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This Week in PNAS: Jan 6, 2015

Editor's Note: Some of the articles described below are not yet available at the PNAS site, but they are scheduled to be posted some time this week.

In a study slated to appear online this week in the Proceedings of the National Academy of Sciences, the University of Edinburgh's Brian Charlesworth uses data from Drosophila fruit fly populations to explore interrelationships between genetic variation, fitness, and selection. By bringing together population data looking at fruit fly quantitative genetics and fitness components, his computational analysis considered the interplay between fitness effects of genetic variants and the apparent strength of selection acting on such variants, leading Charlesworth to conclude that "the mean selective effect of a new, mildly deleterious mutation in Drosophila is greatly underestimated by recent analyses of DNA sequence polymorphism data."

Researchers from Emory University School of Medicine and Washington University describe a missense mutation in the fragile X mental retardation 1 (FMR1) gene that appears to specifically alter pre-synaptic activity of the resulting protein. The team focused on a missense mutation previously detected in an individual with intellectual disability, developmental delay, and intractable seizures. From their protein interaction and functional experiments in mouse models and cell culture, the investigators found that the mutation in question did not seem to interfere with FMR protein's RNA binding or translational duties. Rather, it upended the protein's pre-synaptic interactions in ways that seem to impact neuronal action potential, they report.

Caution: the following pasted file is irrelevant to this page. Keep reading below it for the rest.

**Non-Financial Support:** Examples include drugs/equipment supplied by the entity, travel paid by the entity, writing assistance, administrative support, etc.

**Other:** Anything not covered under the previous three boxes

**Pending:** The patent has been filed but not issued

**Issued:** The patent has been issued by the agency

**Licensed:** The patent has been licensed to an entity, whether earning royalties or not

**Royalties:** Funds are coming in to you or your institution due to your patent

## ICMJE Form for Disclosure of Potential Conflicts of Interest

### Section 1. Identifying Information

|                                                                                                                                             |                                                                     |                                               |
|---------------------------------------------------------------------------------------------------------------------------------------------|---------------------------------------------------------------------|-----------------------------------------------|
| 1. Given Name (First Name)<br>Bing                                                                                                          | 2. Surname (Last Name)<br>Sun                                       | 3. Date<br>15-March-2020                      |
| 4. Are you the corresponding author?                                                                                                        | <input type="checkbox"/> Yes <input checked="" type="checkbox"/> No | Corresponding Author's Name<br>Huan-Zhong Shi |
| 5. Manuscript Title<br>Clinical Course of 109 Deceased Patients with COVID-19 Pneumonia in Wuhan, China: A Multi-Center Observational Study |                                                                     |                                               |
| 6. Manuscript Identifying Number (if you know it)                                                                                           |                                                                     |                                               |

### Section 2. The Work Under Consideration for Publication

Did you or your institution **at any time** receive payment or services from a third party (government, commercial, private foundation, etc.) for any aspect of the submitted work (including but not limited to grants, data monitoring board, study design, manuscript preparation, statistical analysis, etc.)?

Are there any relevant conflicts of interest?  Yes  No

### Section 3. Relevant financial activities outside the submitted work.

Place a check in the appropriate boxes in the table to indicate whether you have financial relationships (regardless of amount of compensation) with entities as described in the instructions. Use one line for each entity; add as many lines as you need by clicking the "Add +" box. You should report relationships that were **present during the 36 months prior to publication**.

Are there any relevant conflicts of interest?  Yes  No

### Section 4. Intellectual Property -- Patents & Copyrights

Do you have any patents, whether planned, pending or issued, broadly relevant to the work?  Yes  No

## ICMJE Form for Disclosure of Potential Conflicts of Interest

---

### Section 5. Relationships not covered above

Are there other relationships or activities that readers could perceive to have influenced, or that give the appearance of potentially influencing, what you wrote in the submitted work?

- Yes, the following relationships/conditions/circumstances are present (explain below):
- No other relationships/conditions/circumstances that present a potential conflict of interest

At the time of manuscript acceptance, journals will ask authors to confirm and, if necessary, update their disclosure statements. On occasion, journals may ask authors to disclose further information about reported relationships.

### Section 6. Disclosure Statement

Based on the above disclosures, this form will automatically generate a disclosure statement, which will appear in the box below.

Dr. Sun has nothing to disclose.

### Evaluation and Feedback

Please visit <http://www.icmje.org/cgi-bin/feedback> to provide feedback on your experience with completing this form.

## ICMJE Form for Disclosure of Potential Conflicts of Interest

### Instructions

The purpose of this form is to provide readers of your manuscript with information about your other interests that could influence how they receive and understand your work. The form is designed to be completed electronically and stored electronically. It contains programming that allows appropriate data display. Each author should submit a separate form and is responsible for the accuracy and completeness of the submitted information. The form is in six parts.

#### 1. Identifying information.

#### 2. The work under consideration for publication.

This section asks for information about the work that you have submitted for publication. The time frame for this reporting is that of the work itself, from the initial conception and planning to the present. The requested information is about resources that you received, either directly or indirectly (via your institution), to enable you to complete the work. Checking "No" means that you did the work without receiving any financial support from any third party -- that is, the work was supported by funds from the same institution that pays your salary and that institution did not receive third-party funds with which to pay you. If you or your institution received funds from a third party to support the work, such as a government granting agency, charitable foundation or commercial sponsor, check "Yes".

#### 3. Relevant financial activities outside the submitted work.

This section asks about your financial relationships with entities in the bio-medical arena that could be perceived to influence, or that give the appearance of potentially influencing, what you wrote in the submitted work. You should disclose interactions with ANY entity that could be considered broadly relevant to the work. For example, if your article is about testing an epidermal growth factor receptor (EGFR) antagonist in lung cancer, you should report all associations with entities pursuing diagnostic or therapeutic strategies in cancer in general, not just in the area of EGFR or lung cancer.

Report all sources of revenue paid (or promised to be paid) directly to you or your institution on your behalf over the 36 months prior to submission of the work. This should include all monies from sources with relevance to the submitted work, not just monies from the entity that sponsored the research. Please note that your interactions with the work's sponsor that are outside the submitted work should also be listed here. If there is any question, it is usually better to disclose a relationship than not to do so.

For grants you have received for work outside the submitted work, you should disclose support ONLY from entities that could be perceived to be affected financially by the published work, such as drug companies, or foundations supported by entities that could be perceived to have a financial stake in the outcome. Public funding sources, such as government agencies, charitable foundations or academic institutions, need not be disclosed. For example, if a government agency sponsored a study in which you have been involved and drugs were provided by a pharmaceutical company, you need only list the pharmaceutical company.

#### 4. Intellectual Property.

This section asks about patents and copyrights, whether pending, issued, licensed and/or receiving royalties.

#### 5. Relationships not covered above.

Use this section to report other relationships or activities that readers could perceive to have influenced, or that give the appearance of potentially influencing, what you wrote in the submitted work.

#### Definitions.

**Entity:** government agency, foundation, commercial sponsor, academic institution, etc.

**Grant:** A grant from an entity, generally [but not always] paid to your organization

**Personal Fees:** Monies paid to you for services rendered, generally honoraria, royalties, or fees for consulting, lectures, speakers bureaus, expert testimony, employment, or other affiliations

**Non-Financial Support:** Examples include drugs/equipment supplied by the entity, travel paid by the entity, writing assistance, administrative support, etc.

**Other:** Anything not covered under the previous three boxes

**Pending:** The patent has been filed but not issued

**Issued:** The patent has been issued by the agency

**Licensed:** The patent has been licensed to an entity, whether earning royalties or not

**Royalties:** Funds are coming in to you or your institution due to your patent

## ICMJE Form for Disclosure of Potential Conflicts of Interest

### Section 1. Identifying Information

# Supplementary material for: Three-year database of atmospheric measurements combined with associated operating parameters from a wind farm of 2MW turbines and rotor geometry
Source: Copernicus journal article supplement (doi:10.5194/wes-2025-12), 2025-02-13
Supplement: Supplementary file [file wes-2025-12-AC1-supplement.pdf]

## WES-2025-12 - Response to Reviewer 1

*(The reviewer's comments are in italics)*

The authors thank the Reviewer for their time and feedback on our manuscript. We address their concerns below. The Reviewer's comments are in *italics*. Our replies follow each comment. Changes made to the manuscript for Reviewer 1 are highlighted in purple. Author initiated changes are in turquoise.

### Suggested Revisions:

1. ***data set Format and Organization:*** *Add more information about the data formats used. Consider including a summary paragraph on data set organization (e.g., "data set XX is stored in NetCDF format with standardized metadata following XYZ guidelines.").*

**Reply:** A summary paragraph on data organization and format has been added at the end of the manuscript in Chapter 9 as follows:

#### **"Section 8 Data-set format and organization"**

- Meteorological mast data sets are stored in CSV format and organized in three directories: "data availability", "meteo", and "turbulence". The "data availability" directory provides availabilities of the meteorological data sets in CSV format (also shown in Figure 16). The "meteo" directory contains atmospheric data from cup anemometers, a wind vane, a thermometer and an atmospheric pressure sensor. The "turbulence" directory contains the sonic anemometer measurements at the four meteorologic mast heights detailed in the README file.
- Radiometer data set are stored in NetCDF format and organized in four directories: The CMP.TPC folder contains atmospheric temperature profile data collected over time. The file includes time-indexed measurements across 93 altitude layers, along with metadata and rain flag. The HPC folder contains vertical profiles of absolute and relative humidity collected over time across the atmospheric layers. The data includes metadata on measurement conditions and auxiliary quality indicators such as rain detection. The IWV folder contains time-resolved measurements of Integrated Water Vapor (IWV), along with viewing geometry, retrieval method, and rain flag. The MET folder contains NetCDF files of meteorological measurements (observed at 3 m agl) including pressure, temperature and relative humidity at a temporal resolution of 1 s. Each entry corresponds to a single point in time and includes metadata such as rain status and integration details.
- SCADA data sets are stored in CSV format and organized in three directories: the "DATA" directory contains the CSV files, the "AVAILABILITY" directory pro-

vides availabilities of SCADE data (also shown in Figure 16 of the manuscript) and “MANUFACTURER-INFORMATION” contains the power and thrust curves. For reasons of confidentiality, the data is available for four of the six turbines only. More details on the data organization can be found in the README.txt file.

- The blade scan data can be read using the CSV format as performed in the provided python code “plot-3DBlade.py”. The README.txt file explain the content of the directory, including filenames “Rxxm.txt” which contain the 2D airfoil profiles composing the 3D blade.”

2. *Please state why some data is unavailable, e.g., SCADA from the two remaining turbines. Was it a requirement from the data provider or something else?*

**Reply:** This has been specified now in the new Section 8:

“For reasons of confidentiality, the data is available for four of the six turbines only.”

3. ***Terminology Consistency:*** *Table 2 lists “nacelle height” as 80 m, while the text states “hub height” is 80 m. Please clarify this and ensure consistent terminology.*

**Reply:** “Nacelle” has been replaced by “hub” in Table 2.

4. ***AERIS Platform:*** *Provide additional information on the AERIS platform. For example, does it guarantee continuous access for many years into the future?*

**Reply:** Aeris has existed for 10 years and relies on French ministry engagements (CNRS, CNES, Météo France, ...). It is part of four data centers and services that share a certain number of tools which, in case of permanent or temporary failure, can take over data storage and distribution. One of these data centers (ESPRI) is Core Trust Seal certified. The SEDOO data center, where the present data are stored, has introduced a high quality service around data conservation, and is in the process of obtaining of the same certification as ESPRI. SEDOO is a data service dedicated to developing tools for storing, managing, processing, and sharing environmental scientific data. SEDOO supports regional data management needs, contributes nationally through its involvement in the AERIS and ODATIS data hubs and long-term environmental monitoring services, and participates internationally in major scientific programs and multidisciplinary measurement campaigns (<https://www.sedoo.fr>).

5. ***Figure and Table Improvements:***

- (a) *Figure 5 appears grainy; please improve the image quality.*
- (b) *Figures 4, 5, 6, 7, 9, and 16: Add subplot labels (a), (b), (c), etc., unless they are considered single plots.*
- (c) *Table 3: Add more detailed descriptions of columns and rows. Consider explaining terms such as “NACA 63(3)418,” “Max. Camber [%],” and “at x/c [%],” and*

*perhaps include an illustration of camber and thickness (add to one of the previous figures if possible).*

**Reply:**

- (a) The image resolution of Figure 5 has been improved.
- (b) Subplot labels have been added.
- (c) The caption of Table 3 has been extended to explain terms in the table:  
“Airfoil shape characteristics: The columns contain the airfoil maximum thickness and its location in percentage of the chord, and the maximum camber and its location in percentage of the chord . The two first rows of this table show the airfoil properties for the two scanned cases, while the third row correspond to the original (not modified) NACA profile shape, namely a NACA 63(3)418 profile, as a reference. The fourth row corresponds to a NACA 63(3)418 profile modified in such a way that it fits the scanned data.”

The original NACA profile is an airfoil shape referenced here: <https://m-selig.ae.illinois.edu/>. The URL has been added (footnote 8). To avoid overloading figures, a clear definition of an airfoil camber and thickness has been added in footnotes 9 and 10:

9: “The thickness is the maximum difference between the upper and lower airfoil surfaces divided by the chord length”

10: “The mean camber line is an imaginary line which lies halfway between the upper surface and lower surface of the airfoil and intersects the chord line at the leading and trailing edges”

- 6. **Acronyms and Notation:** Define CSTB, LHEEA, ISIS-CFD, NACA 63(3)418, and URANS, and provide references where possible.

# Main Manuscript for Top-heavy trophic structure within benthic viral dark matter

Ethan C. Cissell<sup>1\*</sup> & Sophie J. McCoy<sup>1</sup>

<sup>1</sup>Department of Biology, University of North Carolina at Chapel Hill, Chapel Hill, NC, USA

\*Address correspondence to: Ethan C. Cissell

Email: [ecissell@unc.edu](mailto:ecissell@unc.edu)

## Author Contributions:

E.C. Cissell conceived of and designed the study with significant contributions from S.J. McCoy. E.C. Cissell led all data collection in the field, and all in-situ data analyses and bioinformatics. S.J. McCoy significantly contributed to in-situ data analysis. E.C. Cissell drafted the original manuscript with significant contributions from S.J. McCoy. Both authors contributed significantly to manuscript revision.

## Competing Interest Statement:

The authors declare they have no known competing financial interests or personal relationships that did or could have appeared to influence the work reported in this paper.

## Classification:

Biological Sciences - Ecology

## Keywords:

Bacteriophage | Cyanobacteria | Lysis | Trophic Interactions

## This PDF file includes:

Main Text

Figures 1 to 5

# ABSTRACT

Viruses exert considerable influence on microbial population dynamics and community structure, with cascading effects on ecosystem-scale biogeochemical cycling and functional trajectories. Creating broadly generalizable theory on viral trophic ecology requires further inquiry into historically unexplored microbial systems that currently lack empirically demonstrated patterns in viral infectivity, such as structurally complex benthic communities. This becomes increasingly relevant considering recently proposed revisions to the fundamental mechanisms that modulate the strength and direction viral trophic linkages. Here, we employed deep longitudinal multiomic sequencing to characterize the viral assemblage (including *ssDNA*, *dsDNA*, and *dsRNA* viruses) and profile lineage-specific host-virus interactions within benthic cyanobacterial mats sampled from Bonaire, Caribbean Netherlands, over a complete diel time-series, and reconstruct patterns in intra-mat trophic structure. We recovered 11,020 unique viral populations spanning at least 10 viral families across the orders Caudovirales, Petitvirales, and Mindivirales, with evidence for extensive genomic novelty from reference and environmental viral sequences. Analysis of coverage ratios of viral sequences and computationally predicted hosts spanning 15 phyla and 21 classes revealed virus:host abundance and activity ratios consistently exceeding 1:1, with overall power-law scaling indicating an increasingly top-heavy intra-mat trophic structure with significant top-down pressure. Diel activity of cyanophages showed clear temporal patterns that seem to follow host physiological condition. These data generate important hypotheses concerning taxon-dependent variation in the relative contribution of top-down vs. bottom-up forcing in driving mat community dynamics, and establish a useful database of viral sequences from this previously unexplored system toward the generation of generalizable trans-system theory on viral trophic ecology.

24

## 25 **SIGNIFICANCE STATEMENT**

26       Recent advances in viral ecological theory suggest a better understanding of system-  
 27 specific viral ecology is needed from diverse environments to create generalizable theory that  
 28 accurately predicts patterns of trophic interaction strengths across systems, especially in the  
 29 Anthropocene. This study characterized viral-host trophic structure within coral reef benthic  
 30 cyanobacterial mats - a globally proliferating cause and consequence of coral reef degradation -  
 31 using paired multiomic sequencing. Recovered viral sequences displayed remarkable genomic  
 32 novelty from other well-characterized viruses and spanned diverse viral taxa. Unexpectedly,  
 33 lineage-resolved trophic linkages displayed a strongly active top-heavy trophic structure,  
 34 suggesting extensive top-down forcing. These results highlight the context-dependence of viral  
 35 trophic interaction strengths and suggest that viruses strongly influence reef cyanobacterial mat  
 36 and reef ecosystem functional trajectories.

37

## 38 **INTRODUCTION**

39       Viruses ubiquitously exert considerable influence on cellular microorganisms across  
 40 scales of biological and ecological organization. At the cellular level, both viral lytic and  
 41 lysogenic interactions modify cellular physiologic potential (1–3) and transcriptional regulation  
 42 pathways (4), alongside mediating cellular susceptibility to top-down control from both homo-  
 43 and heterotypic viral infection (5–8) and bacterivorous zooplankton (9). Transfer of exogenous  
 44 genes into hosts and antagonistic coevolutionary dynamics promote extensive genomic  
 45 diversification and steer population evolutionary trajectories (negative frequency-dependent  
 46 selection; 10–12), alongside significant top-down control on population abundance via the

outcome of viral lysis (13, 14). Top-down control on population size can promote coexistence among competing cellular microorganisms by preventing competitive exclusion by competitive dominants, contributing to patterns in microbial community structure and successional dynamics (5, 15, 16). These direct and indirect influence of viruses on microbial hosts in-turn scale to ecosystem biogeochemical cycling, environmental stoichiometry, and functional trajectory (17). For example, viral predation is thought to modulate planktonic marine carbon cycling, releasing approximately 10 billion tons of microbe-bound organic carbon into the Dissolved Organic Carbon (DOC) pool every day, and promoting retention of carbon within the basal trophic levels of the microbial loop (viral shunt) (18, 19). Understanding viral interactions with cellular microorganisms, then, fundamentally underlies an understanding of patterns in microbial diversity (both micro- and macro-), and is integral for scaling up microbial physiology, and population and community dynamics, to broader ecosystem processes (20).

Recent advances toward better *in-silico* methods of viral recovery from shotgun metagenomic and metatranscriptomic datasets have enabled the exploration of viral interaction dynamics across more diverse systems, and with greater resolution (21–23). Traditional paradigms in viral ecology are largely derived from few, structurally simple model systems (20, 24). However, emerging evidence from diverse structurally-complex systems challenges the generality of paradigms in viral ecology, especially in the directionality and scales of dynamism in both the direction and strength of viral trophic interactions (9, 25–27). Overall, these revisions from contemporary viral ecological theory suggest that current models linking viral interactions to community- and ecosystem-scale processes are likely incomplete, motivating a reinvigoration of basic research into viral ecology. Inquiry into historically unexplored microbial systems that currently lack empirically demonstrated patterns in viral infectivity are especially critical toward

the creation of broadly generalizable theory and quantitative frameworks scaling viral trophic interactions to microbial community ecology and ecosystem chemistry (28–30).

Finally, a team from Uganda, the UK, and the US report on findings from a genetic study of preeclampsia, a placental defect condition that contributes to high rates of maternal mortality in sub-Saharan Africa. Using PCR-based genotyping, the researchers looked at variant profiles in the maternal immune gene KIR and the fetal human leukocyte antigen gene HLA-C in samples from 484 Ugandan women with preeclampsia and 254 women without. Their results pointed to KIR variants that appear to dial down preeclampsia risk in women from populations in sub-Saharan Africa, though follow-up analyses argue against such a protective effect in European populations.